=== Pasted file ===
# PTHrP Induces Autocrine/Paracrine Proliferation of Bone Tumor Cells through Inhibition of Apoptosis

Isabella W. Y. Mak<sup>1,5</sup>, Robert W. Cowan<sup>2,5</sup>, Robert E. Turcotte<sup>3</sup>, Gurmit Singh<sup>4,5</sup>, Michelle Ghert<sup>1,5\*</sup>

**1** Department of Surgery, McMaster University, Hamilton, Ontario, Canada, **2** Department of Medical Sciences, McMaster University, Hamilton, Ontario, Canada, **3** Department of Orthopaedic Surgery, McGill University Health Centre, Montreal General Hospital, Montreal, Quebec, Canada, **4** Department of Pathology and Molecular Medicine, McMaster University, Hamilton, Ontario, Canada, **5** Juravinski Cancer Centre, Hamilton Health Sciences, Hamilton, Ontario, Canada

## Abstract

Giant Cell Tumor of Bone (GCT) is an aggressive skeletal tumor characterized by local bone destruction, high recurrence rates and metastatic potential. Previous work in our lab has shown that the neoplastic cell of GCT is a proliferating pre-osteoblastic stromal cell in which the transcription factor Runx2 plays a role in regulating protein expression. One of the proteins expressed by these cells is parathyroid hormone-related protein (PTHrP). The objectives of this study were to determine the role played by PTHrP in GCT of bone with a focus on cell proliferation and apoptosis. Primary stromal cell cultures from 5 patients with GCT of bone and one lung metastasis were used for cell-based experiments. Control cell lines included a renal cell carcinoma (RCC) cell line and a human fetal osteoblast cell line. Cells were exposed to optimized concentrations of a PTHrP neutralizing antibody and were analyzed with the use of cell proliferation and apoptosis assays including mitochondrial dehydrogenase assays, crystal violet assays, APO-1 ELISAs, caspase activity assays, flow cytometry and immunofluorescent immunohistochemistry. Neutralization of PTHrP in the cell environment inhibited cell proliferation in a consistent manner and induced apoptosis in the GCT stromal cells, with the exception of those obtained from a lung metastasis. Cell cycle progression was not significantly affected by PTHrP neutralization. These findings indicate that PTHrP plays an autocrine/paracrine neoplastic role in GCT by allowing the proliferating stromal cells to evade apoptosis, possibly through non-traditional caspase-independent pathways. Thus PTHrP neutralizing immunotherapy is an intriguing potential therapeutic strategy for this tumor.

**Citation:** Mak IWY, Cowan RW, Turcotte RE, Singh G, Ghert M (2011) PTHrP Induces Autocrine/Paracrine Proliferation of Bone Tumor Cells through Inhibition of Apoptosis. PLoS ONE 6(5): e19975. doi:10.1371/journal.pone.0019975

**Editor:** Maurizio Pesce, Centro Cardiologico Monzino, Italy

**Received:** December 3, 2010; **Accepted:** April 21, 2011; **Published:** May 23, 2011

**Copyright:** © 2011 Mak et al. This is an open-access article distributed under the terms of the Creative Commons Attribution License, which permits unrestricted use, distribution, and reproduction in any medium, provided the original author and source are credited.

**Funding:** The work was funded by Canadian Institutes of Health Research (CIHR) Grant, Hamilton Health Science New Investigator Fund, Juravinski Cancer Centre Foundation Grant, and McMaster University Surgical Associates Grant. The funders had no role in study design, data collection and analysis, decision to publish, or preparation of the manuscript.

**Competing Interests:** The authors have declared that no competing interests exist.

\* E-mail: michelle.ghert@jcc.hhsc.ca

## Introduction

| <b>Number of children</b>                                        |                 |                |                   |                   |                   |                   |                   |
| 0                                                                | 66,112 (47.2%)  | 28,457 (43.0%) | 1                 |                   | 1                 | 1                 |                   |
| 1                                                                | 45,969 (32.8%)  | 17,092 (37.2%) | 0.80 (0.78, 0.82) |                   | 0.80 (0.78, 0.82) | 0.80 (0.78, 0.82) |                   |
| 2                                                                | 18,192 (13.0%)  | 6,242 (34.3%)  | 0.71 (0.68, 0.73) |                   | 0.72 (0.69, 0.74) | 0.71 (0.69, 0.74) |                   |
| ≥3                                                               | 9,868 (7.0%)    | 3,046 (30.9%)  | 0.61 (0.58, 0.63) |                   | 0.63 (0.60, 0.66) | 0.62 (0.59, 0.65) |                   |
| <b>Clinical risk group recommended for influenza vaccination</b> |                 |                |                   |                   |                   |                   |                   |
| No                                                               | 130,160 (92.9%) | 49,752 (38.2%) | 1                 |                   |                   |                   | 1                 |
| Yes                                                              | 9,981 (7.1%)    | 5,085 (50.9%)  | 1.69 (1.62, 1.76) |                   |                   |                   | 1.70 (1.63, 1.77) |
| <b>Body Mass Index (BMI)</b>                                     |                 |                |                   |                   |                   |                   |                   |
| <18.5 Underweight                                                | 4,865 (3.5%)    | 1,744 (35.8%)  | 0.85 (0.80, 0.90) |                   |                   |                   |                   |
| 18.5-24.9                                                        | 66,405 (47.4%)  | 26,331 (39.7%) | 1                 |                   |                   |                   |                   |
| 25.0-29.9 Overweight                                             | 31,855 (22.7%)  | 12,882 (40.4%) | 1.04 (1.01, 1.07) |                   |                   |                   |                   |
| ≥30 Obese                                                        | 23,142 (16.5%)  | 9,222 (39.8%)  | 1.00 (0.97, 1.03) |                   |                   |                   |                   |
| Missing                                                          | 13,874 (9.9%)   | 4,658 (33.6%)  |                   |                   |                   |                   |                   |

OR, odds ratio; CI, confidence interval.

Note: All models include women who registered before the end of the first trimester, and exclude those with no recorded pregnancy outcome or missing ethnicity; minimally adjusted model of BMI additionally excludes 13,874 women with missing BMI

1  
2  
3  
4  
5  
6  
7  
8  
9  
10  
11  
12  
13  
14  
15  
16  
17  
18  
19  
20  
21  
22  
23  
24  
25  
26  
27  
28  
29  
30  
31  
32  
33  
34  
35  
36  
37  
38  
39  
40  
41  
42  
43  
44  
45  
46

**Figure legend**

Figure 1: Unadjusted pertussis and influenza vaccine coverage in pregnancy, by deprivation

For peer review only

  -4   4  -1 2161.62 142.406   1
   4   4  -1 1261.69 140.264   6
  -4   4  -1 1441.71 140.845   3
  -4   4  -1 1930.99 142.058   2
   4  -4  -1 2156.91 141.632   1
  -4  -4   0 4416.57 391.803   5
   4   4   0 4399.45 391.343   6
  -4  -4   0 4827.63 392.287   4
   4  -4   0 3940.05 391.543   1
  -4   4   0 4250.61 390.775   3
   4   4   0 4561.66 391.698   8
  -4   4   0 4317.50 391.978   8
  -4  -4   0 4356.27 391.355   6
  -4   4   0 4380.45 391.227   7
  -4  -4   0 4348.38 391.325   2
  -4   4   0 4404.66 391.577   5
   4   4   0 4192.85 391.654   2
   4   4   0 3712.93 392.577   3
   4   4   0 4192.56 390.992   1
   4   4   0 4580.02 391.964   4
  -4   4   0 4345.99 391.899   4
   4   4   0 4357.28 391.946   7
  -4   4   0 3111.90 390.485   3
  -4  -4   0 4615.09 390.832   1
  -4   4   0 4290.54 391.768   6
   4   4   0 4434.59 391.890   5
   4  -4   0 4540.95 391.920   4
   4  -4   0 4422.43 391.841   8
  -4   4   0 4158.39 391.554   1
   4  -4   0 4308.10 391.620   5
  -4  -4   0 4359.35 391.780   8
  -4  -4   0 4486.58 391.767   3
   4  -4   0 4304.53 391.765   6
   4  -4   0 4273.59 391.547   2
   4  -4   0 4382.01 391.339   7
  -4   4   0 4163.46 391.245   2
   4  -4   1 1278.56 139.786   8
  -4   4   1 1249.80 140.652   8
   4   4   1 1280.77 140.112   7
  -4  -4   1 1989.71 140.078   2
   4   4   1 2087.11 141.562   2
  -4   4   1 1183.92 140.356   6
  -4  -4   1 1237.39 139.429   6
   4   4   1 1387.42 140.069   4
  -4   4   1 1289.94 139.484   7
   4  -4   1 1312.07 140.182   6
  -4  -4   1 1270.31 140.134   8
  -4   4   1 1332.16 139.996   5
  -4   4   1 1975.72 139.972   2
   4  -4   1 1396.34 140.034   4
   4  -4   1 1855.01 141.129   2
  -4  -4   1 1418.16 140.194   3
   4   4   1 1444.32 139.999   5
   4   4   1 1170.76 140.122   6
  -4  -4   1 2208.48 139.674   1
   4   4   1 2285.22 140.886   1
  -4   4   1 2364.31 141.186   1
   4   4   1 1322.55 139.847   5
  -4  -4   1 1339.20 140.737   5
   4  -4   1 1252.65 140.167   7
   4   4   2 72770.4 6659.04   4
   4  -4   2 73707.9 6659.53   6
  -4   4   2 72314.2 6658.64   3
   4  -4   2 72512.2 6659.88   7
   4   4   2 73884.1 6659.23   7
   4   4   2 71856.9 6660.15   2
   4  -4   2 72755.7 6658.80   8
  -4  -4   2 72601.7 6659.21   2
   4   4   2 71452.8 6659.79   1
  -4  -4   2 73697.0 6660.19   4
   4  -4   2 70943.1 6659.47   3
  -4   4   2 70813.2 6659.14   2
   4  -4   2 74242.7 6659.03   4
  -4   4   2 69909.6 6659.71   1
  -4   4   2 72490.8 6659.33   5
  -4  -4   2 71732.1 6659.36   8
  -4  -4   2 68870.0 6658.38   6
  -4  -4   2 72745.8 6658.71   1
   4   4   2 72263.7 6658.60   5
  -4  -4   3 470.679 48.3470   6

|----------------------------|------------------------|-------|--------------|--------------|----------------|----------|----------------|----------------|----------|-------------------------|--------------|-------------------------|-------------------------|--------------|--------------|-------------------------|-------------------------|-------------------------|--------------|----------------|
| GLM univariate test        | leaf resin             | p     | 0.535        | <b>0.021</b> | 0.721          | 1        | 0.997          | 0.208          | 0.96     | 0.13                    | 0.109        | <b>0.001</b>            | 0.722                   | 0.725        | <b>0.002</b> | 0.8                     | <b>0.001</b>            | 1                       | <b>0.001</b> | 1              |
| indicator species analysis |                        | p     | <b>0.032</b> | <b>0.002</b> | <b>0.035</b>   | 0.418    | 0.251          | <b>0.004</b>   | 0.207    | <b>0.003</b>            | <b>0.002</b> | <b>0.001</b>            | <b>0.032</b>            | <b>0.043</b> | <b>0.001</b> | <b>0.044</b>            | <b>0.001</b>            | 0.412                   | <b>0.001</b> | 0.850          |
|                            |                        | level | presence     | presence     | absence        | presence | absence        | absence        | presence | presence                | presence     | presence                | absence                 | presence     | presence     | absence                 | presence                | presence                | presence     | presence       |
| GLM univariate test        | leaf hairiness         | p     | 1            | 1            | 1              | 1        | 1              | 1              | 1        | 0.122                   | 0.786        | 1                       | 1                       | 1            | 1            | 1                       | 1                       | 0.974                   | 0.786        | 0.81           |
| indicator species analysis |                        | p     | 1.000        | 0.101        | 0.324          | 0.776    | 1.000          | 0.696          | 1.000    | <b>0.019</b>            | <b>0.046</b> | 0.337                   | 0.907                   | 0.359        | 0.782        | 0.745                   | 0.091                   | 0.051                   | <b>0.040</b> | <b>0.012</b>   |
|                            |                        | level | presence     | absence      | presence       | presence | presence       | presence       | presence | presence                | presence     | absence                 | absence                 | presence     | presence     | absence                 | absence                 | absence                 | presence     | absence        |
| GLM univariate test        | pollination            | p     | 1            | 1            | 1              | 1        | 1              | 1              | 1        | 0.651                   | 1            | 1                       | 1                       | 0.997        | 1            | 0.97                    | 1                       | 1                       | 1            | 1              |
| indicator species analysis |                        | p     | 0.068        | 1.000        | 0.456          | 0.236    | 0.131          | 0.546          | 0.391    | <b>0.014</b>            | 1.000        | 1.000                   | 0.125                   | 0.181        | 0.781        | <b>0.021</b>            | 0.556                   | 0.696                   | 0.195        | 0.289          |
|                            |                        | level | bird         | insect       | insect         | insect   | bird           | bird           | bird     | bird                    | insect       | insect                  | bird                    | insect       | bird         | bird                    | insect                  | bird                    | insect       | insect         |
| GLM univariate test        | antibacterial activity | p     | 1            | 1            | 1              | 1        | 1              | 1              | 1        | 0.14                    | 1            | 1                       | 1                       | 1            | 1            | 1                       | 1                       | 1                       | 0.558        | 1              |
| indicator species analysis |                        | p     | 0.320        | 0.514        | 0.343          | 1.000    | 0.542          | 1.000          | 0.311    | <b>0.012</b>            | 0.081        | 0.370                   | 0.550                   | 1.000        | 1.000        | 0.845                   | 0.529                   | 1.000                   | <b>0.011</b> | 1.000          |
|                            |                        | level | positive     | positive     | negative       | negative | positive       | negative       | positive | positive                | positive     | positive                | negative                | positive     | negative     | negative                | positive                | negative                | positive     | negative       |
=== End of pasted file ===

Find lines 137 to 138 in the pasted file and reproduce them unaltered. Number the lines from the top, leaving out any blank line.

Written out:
  -4  -4   1 1339.20 140.737   5
   4  -4   1 1252.65 140.167   7